I love that the belief in Reggio Emilia is that for children to learn, their well-being has to be guaranteed; it is a priority. Also children, parents and teachers have equal rights:

  • the right to safety, care and welfare
  • the right to be involved, and
  • the right to grow/learn/develop
  1. Documentation as a Tool

Recording takes on many forms; video, observations, photography, conversation transcripts and/or actual objects like drawings. I love the fact that recording/observations are given huge importance. They are not simply a remark made in a Learning Journal, or as the means of ticking off a development goal. Instead, teachers use this documentation to identify the child’s interests, ideas, and skills, and then plan next steps to support learning and development.

  1. Emergent Curriculum

Emergent Curriculum is a way of teaching and learning that requires teachers to use their recordings and observations to inform them in planning activities and long term projects. Teachers partner with children and the exchange of ideas are referred to as the ‘Cycle of Inquiry’. Teachers use their interpretations, intentions and goals (social, emotional and academic) to make choices that they share with the children. Learning is seen not as a linear approach but as an ever spiralling and organic process.

  1. The Hundred Languages of Children

The Studio Teacher (or Atelierista) works closely with the other teachers and the children through the Studio. This is a space containing materials and tools to pursue, reflect, record and extend thinking and concepts.

  1. The Role of the Teacher

The ‘image’ or knowledge of the child (who they are) informs the role of the teacher and involves four major components. Teachers are:

  • Documenters:  they watch, listen, record, display and review
  • Advocates for children: they should be involved in the community, aware of politics relating to children, should speak for children as individuals and as a whole, should be engaged in the process of sharing children’s work to other educators and community members
  • Co-constructors: in this they have many roles – they guide, care for, help solve problems, learn alongside, act as a partner, hypothesise with the child (give possible reasons for things)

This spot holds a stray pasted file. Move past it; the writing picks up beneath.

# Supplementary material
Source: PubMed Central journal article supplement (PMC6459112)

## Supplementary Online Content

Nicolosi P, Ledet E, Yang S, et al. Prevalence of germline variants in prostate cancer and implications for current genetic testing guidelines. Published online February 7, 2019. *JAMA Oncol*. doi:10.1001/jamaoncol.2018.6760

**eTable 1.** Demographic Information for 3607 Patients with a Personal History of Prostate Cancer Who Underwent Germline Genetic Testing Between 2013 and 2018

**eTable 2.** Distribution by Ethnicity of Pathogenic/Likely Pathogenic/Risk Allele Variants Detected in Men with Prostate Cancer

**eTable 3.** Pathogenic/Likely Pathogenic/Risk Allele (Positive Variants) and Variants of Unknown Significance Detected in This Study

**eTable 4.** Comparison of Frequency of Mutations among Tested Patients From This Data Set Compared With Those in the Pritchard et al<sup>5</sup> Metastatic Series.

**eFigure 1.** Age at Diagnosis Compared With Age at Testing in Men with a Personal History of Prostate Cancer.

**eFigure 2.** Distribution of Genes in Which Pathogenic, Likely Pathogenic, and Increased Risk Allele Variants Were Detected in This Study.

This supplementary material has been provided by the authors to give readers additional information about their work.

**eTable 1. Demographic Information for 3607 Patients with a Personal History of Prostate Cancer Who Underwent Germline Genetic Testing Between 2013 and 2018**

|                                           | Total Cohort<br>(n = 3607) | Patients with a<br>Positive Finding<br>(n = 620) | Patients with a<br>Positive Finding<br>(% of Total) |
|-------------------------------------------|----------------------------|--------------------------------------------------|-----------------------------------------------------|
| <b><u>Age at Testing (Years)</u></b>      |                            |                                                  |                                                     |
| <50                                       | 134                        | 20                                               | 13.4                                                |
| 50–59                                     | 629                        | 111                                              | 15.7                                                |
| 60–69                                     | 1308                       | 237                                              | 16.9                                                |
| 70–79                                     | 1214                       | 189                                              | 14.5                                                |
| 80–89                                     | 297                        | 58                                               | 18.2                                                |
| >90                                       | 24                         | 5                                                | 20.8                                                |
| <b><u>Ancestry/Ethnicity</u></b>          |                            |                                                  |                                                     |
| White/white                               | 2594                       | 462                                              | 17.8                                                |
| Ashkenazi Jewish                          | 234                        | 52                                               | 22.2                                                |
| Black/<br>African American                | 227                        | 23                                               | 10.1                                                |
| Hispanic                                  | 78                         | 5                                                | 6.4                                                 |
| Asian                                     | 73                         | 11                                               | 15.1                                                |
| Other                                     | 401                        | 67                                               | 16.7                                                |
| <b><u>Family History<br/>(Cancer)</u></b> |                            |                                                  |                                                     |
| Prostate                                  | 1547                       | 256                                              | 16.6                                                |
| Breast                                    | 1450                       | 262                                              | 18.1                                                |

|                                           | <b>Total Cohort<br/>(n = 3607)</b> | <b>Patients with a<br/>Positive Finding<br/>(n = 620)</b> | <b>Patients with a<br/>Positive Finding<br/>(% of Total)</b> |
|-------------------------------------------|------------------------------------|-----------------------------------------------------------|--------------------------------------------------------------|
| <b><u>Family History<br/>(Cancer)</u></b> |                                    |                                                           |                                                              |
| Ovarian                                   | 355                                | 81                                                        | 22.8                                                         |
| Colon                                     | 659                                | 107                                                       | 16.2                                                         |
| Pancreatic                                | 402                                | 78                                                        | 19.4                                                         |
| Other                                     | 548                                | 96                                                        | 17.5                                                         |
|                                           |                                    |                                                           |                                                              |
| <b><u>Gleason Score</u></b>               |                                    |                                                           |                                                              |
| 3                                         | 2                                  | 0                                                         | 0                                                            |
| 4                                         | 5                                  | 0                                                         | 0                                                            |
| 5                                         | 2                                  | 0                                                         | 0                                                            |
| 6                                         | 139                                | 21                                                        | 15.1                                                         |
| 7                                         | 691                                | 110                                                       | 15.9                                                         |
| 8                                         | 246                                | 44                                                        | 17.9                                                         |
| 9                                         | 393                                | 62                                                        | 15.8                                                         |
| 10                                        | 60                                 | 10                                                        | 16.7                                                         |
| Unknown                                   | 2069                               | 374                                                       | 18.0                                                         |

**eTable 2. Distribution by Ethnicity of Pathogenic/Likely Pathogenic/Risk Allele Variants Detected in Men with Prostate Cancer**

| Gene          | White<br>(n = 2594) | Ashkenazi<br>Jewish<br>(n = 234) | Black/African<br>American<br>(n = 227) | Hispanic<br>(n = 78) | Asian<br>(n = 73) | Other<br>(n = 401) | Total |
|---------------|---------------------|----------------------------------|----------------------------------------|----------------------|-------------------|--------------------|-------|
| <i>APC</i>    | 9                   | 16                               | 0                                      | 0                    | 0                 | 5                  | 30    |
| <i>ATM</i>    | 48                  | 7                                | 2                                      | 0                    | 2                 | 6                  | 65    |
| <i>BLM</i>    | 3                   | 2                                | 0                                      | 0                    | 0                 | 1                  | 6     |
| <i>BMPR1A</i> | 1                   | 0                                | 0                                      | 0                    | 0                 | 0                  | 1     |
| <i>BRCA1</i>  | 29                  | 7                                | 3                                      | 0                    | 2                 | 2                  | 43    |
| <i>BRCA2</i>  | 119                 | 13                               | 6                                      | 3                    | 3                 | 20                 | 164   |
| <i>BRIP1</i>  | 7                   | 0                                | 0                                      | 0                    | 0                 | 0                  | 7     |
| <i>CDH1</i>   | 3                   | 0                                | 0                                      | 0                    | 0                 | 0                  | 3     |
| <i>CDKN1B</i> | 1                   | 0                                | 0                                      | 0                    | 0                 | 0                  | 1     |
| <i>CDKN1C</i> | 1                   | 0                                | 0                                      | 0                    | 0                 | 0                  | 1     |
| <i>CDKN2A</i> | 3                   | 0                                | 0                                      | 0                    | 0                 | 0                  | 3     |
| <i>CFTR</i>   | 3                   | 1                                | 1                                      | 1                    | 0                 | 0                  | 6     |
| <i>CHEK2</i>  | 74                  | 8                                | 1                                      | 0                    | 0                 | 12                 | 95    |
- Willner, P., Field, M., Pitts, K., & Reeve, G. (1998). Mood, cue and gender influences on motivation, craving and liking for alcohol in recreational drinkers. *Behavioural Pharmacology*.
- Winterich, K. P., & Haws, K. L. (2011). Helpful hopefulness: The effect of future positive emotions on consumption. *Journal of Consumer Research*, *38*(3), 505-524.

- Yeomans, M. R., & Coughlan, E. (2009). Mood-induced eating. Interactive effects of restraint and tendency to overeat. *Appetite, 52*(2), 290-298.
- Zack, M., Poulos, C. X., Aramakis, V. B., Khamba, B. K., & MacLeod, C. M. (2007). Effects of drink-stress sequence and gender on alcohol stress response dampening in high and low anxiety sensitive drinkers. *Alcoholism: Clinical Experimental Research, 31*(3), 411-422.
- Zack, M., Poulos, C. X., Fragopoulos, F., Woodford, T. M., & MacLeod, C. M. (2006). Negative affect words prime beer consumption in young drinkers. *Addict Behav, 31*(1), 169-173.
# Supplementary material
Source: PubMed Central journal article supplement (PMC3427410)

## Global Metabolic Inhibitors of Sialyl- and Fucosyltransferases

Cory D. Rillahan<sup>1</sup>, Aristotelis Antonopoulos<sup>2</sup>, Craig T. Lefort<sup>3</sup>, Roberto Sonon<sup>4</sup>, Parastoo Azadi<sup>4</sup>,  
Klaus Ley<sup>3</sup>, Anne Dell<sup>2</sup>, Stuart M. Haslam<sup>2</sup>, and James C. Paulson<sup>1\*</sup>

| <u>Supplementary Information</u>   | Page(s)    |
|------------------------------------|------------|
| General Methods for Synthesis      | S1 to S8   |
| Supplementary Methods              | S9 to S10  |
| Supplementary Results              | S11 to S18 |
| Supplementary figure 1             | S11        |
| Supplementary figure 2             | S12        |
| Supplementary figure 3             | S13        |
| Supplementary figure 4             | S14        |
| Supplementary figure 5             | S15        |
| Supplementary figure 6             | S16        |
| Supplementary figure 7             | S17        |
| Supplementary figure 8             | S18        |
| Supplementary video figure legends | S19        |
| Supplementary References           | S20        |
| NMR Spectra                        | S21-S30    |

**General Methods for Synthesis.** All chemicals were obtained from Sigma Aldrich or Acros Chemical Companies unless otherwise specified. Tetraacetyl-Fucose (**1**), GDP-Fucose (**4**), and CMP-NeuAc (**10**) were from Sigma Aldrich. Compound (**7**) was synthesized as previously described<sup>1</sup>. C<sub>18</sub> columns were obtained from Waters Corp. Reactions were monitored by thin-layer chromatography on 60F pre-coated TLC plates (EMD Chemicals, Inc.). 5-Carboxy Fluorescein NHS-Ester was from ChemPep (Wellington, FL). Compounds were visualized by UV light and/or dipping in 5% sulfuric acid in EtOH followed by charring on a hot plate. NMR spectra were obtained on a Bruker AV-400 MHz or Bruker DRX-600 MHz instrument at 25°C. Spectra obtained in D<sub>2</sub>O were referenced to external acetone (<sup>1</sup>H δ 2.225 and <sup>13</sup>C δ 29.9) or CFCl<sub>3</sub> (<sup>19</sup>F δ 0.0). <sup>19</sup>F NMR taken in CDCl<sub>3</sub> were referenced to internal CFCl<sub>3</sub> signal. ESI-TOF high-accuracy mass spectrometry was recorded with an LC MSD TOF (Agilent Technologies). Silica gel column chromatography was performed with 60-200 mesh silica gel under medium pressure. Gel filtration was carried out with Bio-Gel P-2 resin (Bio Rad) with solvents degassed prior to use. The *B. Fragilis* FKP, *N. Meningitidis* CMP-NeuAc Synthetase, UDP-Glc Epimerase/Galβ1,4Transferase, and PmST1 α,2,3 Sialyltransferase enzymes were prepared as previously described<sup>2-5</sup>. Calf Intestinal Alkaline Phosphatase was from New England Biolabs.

• Researchers: they are ever learning, observing, reviewing.
  1. The Role of Parents

Parents are an essential part of the school, taking an active part in their children’s learning journey and well-being. This is wonderful – it includes, informs, supports, teaches, empowers, respects and gives value to the parent.

  1. The Role of Time and the Importance of Continuity

The minute, hour, day, week, month and term are hugely influenced by the interests and activities that the children bring to their learning. This in turn impacts plans, timetables and routines. Teachers get to know children’s interests, skills, needs and personality because children stay with the same teacher and the same peer group for two years. I love the continuity of this for everyone involved. Somehow it makes the different relationships more permanent, more cohesive, informed and valued.

  1. Projects

Projects are the centre of the child’s/ teachers’ learning experiences. Project ideas come from the experiences, problems and interests of the children and teachers and can last from a few days to several months.

Many early years childcare settings around the world use or practice various aspects of the Reggio Emilia philosophy. Educators/leaders in Reggio Emilia don’t suggest that their program should be looked at as a model to be copied in other countries; instead, they consider their work as an educational experience, with a foundation of principles, which is continuously renewed, reinforced and readjusted. They suggest that teachers and parents in each school/any school/anywhere could, in their own way, reflect on these ideas. Thus finding possible ways to construct change in their own setting and practice. If you are interested in this approach for your child, it is worth finding out which local settings follow or borrow from this practice.

I didn’t find it easy to find a comprehensive list of Reggio Emilia settings in the UK. However, mumsnet has a Reggio Emilia thread with lots of people ready to answer your questions.

If anyone knows a good Reggio Emilio setting in their area please post the details here.